And here the socialists and E14 are convinced that if they embrace Ferenc Gyurcsány and DK they will attract fewer people from the ranks of the undecided. József Tóbiás in an interview yesterday disclosed that the party had conducted a poll that was designed to measure the effect of cooperation between MSZP and DK. The poll revealed to the party leadership that they would lose more votes with Gyurcsány than they would gain. This finding lay behind their decision. If this poll correctly measures the effect of a joint MSZP-DK ticket, then MSZP’s decision was logical. Of course, we know how a wrongly formulated question can distort the results.

Naturally this poll reflects only the current situation. One doesn’t know how MSZP’s rather abrupt negative attitude toward the other parties and groups will affect MSZP’s standing or the electorate’s attitude toward DK. It is possible that they will consider MSZP too high-handed and uncompromising and DK an underdog. They may think that MSZP is not serious about unity, not resolute enough in its determination to unseat Viktor Orbán and Fidesz.

opinion pollOne could also ask MSZP whether the poll inquired about those possible voters who under no circumstances would vote for MSZP, because apparently they are also numerous. What about those who think of E14 as a party with no well defined political agenda? Only yesterday Szabolcs Kerék Bárczy, the last spokesman of Ibolya Dávid’s MDF, complained about Együtt 2014’s lack of political coherence. He pointed out that although E14’s avowed aim is to attract liberal conservatives, there is not one conservative in its ranks. Moreover, how can these people be attracted to a group whose members often applaud Orbán’s nationalization or who make statements against free markets and competition? Kerék Bárczy is thinking here of some people in the PM group with their decidedly leftist views of the world. Liberal conservatives, he says, will not vote for either E14 or MSZP. Because it looks as if MSZP is going to make a sharp turn to the left since some party leaders claim that MSZP’s failure stemmed from its move toward liberalism under Ferenc Gyurcsány’s chairmanship.

Kerék Bárczy doesn’t understand why MSZP nine months before the elections suddenly stiffened its attitude and refused to negotiate with anyone. He puts forward the question: what will happen if the poll numbers change as a result of these failed negotiations and a serious attempt by DK to attract more followers? What will E14 and MSZP do? Renegotiate their agreement? It will be difficult to change course without losing face.

What does the Demokratikus Koalíció stand for?

On September 3, I wrote about an opinion piece by Tamás Bauer, vice-chairman of the Demokratikus Koalíció. Its title was “Electoral mathematics: The Demokratikus Koalíció’s position.” Bauer argued for DK’s right, based on its numerical support, to receive at least 8 or 9 electoral districts. He added that DK’s positions on many issues differ from those of both MSZP and Együtt2014-PM and therefore it deserves a parliamentary caucus.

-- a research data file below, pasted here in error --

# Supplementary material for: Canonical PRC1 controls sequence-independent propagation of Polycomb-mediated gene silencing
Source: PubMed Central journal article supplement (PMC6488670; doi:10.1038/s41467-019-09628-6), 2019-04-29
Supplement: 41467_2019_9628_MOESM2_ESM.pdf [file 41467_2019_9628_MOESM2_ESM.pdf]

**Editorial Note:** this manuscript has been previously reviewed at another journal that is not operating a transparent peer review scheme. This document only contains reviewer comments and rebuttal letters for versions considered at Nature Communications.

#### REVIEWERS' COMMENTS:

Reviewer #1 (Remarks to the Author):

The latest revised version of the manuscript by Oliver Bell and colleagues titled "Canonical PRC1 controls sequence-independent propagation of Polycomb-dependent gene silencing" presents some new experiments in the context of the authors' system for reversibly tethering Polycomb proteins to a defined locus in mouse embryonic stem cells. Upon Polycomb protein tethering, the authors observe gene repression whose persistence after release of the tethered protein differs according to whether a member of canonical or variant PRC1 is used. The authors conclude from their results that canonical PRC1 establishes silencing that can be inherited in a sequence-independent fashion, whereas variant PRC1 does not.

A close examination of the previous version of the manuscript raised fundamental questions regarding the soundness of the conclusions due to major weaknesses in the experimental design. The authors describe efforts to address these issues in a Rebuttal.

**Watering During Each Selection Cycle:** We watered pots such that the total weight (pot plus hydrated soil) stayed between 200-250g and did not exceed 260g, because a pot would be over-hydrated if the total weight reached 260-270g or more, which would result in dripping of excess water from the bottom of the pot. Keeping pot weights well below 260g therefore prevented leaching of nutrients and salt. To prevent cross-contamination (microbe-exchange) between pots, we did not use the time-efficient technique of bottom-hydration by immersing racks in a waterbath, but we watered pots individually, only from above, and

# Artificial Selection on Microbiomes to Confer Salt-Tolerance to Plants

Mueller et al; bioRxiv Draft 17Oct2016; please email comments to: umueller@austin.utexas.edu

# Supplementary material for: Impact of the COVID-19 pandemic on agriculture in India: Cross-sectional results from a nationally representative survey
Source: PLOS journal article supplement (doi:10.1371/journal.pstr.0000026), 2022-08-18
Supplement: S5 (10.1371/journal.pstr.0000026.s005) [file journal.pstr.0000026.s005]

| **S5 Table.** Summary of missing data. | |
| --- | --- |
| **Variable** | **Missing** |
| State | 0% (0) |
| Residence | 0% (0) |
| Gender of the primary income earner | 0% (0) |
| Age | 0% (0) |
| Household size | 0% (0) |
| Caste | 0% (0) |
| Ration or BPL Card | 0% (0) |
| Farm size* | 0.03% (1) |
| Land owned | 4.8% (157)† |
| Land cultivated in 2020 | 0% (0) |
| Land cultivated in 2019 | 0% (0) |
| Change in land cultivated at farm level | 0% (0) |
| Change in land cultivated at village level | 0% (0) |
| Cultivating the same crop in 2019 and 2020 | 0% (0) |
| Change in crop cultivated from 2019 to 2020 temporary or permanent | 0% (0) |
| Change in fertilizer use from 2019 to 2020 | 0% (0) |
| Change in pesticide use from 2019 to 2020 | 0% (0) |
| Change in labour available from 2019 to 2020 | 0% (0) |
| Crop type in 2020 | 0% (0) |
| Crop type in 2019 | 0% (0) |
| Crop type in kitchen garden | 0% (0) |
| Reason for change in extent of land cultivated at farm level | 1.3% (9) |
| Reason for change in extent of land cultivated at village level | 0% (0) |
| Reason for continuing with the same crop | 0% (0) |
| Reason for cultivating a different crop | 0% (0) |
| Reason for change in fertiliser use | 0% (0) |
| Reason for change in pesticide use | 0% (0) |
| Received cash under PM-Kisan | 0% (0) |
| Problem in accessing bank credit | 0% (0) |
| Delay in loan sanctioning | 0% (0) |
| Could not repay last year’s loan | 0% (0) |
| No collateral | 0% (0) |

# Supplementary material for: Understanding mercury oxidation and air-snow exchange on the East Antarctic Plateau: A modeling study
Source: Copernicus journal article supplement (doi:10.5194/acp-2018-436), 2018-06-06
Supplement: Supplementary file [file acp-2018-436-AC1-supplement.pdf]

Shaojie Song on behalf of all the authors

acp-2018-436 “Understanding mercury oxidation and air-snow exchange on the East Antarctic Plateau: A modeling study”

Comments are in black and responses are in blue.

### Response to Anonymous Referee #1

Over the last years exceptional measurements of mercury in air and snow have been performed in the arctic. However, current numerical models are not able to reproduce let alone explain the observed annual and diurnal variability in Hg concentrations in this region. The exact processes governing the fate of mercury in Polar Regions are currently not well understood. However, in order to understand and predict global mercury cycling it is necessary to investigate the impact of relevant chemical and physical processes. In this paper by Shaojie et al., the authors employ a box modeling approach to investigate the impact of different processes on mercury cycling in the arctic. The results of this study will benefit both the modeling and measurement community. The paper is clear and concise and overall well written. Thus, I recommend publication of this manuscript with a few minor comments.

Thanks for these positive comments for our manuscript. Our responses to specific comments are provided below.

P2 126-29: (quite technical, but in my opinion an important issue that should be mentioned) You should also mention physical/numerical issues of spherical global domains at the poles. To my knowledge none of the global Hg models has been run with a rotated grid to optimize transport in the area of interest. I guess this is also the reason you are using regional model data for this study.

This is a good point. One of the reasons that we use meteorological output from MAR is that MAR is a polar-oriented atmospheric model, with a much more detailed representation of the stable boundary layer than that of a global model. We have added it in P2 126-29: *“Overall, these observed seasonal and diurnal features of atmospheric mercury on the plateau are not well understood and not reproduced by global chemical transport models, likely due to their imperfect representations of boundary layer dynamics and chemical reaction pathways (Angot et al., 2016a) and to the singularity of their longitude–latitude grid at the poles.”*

At the end of that post I indicated that I would like to return to DK’s political program because relatively few people are familiar with it. I had to postpone that piece due to DK’s very prompt answer to MSZP. On the next day, September 4, I posted an article entitled “The current state of the Hungarian opposition: Negotiations between MSZP and DK.”

Over the last few days it has become obvious to me that Ferenc Gyurcsány has already begun his election campaign.  Zsolt Gréczy’s appointment as DK spokesman signaled the beginning of the campaign, which was then followed by several personal appearances by Ferenc Gyurcsány where he began to outline his program. Surely, the amusing video on being a tour guide in Felcsút, “the capital of Orbanistan,” was part of this campaign. So, it’s time to talk about the party program of the Demokratikus Koalíció, especially since only yesterday Attila Mesterházy answered Ferenc Gyurcsány’s letter to him. I elaborated on that letter in my September 4 post.

You may remember that one of the sticking points between the two parties was whether DK is ready to have “an electoral alliance” as opposed to “a political alliance.” Gyurcsány in his letter to Mesterházy made light of the difference between the two, but as far as the socialists are concerned this is an important distinction. Yesterday Attila Mesterházy made that crystal clear in his answer to  Gyurcsány which he posted on his own webpage. According to him, a “political alliance” means the complete subordination of individual parties’ political creeds to the agreed upon policies.  In plain language, DK “will have to agree not to represent its own political ideas during the campaign.”

Since DK’s program thus became one of the central issues in the negotiations it is time to see in what way DK’s vision of the future differs from that of MSZP and Együtt 2014-PM. Here I’m relying on Tamás Bauer’s list of the main differences.

(1) An MSZP and Együtt 2014-PM alliance following an electoral victory will only amend the new constitution and the cardinal laws that are based on this new constitution. The Demokratikus Koalíció, on the other hand, holds that the new constitution is illegitimate because it was enacted without the participation of the opposition. Therefore, according to DK, the new constitution must be repealed and the constitution of the Republic must take its place.

(2) MSZP-E14 by and large accepts the policy of Viktor Orbán on national matters and would allow people living outside of the borders to vote in national elections. The Demokratikus Koalíció rejects this new law and would put an end to these new citizens’ voting rights.